The autumn (October and November) shows slightly different variations. There is no clear 19th century warm period and the 20th century warm period starts distinctly later than at the annual and winter scale. Clusters of very cold autumns occurred in the 1960s and 1970s. The recent warming has not reached the autumn and and the autumn temperatures remain below the warm autumns of the 1940 to 1960 period.

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More on temperature variability

Fig 7 shows the annual range (difference of the warmest and coldest month of the year) in Stykkishólmur during the period of instrumental observations. Two years, 1881 and 1918 are outstanding. The small range years are those having warm winters but cold summers. These are few in the 19th century, this period being dominated by cold winters. Years of warm winters and cool summers were common in the 20th century. It is 1922 that had the lowest range of all.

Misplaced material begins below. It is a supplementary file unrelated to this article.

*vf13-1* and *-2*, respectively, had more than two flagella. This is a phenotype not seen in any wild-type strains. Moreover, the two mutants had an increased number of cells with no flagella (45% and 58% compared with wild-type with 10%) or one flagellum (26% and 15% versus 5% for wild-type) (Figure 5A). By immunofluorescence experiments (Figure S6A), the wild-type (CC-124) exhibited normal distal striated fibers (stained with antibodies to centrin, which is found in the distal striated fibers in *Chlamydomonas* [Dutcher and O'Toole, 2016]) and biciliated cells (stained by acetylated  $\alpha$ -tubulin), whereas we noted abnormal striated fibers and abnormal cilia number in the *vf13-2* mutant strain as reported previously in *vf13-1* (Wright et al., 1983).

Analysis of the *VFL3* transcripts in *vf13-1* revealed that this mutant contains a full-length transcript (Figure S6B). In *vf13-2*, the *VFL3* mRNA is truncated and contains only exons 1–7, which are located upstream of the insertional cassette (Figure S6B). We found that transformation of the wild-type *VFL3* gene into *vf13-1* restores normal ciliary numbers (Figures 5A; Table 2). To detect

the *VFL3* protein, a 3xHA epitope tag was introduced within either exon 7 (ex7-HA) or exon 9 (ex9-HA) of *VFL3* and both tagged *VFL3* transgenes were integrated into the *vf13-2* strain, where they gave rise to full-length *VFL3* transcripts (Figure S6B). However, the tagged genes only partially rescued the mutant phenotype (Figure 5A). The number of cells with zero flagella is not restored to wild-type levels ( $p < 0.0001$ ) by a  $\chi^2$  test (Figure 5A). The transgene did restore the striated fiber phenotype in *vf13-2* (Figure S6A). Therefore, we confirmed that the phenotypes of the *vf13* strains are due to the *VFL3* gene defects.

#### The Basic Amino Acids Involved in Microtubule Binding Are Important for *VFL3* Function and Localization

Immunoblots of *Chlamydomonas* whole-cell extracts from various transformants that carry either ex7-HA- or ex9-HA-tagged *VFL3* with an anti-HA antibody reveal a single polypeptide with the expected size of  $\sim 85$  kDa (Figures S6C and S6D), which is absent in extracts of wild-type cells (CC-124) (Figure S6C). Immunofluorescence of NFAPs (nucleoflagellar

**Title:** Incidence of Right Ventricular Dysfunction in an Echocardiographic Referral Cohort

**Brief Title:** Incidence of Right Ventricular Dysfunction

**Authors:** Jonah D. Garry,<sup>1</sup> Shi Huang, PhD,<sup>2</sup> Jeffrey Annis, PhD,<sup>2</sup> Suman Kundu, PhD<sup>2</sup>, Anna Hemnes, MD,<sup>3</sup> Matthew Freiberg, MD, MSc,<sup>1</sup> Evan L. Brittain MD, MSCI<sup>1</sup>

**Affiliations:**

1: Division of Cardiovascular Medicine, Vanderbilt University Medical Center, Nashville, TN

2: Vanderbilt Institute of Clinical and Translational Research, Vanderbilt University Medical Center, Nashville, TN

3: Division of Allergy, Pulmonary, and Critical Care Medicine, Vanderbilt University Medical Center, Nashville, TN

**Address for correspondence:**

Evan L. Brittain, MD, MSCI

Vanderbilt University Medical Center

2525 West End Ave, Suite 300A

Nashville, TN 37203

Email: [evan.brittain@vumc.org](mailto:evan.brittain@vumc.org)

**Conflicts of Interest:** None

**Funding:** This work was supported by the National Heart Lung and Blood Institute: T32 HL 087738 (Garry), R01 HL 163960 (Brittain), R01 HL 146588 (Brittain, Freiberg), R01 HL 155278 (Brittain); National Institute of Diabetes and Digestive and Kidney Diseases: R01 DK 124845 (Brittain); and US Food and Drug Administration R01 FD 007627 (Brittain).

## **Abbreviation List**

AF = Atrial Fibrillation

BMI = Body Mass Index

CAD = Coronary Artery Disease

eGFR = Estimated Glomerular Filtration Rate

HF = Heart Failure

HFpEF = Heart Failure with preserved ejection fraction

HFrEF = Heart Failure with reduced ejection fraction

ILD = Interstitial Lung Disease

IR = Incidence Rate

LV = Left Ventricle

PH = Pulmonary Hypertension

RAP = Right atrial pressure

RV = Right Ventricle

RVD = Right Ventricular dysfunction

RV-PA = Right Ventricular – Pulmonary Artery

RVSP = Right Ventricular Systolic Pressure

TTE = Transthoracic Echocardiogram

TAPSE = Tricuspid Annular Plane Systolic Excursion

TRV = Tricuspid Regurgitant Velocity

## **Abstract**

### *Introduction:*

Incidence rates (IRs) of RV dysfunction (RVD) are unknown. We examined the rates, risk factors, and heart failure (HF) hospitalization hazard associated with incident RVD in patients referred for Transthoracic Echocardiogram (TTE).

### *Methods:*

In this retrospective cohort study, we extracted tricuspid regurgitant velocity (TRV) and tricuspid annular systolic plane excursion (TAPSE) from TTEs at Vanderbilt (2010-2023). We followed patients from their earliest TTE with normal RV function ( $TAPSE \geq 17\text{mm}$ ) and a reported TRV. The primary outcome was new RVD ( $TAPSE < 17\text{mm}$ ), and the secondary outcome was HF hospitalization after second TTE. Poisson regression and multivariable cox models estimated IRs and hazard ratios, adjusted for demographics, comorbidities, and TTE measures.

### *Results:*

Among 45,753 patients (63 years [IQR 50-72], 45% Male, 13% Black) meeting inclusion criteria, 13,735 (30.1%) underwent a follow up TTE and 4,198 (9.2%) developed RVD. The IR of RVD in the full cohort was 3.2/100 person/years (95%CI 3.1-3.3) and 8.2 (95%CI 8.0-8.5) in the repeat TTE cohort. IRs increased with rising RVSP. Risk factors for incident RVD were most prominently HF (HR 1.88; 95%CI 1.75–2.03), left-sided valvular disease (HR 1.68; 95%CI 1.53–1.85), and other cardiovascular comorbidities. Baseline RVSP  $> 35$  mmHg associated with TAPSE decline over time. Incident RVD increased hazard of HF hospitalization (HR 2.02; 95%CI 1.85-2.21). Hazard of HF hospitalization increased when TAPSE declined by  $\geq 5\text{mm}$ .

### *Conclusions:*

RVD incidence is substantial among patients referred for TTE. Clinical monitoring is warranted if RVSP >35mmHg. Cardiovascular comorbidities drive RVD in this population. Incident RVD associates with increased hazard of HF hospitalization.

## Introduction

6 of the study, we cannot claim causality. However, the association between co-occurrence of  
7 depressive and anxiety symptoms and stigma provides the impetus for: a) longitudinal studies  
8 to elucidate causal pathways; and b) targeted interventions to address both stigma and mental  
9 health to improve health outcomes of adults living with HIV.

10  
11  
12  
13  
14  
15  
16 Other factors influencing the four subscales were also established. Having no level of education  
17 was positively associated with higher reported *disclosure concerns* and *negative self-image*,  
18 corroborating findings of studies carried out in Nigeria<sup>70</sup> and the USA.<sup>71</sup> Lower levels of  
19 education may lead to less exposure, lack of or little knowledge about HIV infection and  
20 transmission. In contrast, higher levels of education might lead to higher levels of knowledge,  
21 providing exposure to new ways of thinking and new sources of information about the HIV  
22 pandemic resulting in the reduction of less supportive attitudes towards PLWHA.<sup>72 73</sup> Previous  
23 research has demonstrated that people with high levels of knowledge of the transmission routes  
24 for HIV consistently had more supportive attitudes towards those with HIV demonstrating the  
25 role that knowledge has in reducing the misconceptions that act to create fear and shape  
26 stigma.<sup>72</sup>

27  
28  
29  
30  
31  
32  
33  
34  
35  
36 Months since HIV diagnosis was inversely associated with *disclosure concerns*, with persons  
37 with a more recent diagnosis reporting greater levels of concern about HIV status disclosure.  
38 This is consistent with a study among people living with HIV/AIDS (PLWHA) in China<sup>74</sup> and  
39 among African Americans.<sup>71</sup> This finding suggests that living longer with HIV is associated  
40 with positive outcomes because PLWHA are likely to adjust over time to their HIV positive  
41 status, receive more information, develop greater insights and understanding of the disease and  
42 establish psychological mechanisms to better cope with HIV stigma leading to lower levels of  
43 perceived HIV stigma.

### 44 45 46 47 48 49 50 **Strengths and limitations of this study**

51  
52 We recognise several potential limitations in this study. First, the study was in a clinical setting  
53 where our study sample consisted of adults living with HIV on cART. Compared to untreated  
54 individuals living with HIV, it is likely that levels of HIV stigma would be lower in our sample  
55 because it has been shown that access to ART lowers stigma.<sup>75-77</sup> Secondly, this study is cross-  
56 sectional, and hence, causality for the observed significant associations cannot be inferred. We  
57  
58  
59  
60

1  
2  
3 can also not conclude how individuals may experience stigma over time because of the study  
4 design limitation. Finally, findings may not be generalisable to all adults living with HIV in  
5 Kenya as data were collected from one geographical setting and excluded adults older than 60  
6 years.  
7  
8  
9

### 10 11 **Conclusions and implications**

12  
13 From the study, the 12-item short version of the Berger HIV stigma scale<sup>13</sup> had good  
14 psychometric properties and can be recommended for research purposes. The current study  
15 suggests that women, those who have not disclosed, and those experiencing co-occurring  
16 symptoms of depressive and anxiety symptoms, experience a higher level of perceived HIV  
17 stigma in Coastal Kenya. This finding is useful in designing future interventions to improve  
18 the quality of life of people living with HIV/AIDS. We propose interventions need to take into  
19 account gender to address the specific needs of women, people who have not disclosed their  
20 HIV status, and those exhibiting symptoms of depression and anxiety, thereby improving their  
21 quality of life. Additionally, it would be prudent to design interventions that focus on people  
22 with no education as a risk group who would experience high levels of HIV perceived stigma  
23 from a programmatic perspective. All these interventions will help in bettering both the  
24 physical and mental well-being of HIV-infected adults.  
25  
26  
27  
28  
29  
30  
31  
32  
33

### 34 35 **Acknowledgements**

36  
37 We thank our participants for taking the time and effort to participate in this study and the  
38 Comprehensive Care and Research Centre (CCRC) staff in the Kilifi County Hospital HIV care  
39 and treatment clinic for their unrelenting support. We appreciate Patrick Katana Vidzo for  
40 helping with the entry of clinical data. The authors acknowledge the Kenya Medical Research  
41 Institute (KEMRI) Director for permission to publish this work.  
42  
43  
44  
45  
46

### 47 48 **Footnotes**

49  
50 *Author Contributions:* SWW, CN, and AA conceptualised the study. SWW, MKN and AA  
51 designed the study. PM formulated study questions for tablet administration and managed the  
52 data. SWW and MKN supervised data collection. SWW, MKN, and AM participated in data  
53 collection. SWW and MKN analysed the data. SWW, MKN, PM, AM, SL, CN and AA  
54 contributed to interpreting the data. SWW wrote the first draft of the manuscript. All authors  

Figure 7. The annual range of temperatures (warmest month - coldest month) in Stykkishólmur.

Fig 8 shows the temperature difference between the northern (Grímsey) and southern shores (Vestmannaeyjar) of the country. The difference was very large during the ice years 1965 to 1971, an example of a temporary reversal to the 19th century conditions, which were also dominated by much ice. The smallest north/south temperature difference occurred in 1984, a year of persistent southerly winds bringing cold and gloomy weather to the south but an excellent summer to the north. 

Figure 8. The difference of annual temperatures in Vestmannaeyjar (south shore) and Grímsey (north shore). Note that the figure only extends back to the late 1870s. Hafísárin = the Ice years. 

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Figure 9. Annual temperature in Akureyri, northern Iceland. Note that the temperature range is larger in Akureyri than in Stykkishólmur.

The secular variations of temperature in Akureyri are slightly larger than in Stykkishólmur, but the main temporal features are the same. Measurements before 1882 are fragmentary but some additional material that exists has not been homogenized. A homogenisation is a tedious process. The warmest year in Akureyri was 1933, but the warming from 1983 onwards is very large. The ice years (1965 to 1971) were very cold in Akureyri.

A reference in English

Hanna, E., T.Jónsson, J.E.Box (2004): An analysis of Icelandic climate since the nineteenth century. International J. of Climatology 24, p. 1193-2004.